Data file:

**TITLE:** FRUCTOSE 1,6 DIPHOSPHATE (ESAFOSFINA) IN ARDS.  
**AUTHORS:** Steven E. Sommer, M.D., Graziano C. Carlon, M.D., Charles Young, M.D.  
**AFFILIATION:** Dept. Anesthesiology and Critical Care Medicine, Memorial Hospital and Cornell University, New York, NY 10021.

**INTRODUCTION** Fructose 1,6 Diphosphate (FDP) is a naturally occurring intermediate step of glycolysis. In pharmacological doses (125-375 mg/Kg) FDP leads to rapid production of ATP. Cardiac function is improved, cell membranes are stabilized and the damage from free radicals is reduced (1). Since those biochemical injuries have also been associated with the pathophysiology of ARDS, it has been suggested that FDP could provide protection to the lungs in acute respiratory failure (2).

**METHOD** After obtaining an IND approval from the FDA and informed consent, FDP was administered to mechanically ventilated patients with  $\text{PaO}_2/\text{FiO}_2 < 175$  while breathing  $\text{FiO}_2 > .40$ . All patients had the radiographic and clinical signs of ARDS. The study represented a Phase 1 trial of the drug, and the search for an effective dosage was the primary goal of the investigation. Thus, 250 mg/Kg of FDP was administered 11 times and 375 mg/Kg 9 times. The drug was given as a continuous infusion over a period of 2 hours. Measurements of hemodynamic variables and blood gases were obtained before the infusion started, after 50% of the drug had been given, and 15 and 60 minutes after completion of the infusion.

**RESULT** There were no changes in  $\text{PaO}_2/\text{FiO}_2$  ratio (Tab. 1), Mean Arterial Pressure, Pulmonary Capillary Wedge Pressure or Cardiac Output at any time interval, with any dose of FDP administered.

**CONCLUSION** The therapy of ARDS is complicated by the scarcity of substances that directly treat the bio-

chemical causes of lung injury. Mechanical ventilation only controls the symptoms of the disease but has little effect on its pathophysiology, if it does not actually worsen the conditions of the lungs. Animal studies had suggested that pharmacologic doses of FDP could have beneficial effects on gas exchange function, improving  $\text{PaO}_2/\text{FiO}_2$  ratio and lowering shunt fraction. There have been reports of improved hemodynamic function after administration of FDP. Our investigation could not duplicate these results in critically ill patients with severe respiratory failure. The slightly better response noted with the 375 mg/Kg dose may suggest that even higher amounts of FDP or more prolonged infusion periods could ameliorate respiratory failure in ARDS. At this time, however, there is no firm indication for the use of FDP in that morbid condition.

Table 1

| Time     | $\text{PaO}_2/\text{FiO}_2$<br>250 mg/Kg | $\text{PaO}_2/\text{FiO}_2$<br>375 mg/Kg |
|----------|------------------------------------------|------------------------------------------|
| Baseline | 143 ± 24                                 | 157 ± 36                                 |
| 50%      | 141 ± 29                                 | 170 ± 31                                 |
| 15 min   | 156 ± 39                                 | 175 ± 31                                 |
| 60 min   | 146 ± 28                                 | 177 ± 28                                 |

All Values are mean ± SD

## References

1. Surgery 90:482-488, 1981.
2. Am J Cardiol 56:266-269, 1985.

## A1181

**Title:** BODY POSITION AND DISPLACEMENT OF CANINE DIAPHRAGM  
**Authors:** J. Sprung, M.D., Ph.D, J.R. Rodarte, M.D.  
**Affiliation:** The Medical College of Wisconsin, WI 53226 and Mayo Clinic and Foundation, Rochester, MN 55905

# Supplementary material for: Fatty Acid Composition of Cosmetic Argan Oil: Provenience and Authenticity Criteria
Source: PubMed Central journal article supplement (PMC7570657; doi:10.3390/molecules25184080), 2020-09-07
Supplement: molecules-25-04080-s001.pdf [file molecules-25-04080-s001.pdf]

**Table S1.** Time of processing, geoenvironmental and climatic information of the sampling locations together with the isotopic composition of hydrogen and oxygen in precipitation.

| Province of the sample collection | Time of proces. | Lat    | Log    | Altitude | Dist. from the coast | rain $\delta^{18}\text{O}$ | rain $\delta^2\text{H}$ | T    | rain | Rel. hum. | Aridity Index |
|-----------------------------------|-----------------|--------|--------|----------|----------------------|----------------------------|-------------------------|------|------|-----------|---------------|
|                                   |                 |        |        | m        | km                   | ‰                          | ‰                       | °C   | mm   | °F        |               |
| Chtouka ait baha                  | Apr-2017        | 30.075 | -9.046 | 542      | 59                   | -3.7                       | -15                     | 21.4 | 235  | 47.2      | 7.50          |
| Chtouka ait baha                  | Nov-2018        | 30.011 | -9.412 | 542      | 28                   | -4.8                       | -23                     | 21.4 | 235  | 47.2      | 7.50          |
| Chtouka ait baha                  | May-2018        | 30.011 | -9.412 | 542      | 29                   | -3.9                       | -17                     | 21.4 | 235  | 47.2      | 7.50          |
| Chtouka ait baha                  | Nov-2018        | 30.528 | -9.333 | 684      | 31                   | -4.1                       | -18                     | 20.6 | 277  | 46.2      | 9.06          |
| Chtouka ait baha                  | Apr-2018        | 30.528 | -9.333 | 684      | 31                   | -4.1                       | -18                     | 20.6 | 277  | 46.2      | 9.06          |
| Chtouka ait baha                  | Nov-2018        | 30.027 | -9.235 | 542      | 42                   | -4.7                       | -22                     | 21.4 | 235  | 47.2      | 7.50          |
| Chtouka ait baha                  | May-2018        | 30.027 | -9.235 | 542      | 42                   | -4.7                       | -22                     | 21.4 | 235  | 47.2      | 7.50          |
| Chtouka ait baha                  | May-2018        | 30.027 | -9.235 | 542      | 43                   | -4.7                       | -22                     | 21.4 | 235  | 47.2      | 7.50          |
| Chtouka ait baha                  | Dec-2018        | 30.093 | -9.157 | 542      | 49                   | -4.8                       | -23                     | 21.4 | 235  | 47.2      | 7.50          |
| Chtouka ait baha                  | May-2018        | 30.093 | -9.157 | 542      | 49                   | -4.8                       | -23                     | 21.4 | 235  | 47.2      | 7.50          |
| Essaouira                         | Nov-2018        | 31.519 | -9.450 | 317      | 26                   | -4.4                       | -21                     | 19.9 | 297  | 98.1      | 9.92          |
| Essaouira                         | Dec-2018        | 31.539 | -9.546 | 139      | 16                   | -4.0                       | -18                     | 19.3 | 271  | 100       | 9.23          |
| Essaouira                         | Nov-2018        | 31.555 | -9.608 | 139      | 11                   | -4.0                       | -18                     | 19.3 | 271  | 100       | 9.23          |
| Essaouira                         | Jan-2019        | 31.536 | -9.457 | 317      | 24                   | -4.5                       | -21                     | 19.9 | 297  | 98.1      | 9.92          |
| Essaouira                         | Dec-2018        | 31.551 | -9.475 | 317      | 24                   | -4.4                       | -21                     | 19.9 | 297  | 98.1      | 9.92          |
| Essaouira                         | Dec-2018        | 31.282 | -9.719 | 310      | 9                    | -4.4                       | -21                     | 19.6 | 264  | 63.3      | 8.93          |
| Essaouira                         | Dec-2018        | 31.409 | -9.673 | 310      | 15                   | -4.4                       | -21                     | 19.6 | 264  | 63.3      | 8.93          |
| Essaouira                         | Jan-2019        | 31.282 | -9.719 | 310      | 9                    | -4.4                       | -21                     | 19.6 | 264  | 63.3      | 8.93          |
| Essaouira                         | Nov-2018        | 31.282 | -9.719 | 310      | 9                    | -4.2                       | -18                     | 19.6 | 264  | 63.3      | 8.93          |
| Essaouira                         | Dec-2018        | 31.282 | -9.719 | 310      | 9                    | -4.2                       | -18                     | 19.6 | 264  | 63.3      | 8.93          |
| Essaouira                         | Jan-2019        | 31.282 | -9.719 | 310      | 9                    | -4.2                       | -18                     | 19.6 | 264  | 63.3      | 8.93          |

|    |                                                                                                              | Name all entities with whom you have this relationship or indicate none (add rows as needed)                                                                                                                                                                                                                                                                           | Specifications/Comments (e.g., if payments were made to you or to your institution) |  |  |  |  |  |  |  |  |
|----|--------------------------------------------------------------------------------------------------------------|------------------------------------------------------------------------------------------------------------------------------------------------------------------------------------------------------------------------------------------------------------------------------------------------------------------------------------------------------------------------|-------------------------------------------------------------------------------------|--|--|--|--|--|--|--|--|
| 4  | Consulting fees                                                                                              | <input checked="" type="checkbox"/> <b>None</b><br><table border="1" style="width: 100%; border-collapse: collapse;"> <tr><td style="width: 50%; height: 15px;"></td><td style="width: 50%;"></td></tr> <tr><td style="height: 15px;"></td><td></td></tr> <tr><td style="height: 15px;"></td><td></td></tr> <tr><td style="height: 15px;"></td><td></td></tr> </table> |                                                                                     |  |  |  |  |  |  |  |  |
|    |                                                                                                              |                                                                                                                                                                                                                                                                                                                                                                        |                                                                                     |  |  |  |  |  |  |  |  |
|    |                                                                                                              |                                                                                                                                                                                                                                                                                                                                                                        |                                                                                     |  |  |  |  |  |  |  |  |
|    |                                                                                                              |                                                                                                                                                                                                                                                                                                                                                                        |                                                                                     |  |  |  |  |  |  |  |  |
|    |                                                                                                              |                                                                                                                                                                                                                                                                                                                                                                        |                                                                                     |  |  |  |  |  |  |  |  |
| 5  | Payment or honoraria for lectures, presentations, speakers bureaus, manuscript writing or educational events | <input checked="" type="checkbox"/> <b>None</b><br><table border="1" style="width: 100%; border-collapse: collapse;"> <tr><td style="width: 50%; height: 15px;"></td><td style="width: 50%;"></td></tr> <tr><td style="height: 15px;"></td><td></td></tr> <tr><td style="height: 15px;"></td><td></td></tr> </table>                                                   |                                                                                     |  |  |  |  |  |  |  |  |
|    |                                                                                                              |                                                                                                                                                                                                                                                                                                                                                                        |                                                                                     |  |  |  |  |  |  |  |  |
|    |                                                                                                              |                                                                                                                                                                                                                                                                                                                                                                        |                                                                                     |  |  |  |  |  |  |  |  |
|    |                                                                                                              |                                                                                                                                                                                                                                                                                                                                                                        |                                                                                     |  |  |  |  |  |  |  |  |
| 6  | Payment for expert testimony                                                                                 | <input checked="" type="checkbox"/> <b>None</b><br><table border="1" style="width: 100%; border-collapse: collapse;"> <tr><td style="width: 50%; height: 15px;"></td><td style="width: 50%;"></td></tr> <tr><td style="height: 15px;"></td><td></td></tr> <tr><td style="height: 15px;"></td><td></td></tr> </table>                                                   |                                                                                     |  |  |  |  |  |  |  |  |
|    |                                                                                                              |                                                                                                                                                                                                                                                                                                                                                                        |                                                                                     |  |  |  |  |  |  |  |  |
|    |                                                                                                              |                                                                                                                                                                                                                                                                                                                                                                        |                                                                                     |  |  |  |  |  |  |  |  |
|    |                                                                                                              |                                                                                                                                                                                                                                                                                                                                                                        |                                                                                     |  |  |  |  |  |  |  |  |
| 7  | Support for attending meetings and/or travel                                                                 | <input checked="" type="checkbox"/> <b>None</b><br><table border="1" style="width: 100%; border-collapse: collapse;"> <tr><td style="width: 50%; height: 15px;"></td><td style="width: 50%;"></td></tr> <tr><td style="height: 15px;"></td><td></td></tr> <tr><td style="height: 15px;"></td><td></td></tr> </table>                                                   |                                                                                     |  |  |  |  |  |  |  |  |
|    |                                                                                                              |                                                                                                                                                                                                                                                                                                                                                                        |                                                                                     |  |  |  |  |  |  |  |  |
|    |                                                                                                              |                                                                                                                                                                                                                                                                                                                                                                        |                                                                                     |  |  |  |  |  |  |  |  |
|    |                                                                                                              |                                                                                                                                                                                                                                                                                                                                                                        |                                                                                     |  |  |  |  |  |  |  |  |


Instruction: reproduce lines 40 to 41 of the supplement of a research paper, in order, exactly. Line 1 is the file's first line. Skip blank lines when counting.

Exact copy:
| Chtouka ait baha                  | May-2018        | 30.093 | -9.157 | 542      | 49                   | -4.8                       | -23                     | 21.4 | 235  | 47.2      | 7.50          |
| Essaouira                         | Nov-2018        | 31.519 | -9.450 | 317      | 26                   | -4.4                       | -21                     | 19.9 | 297  | 98.1      | 9.92          |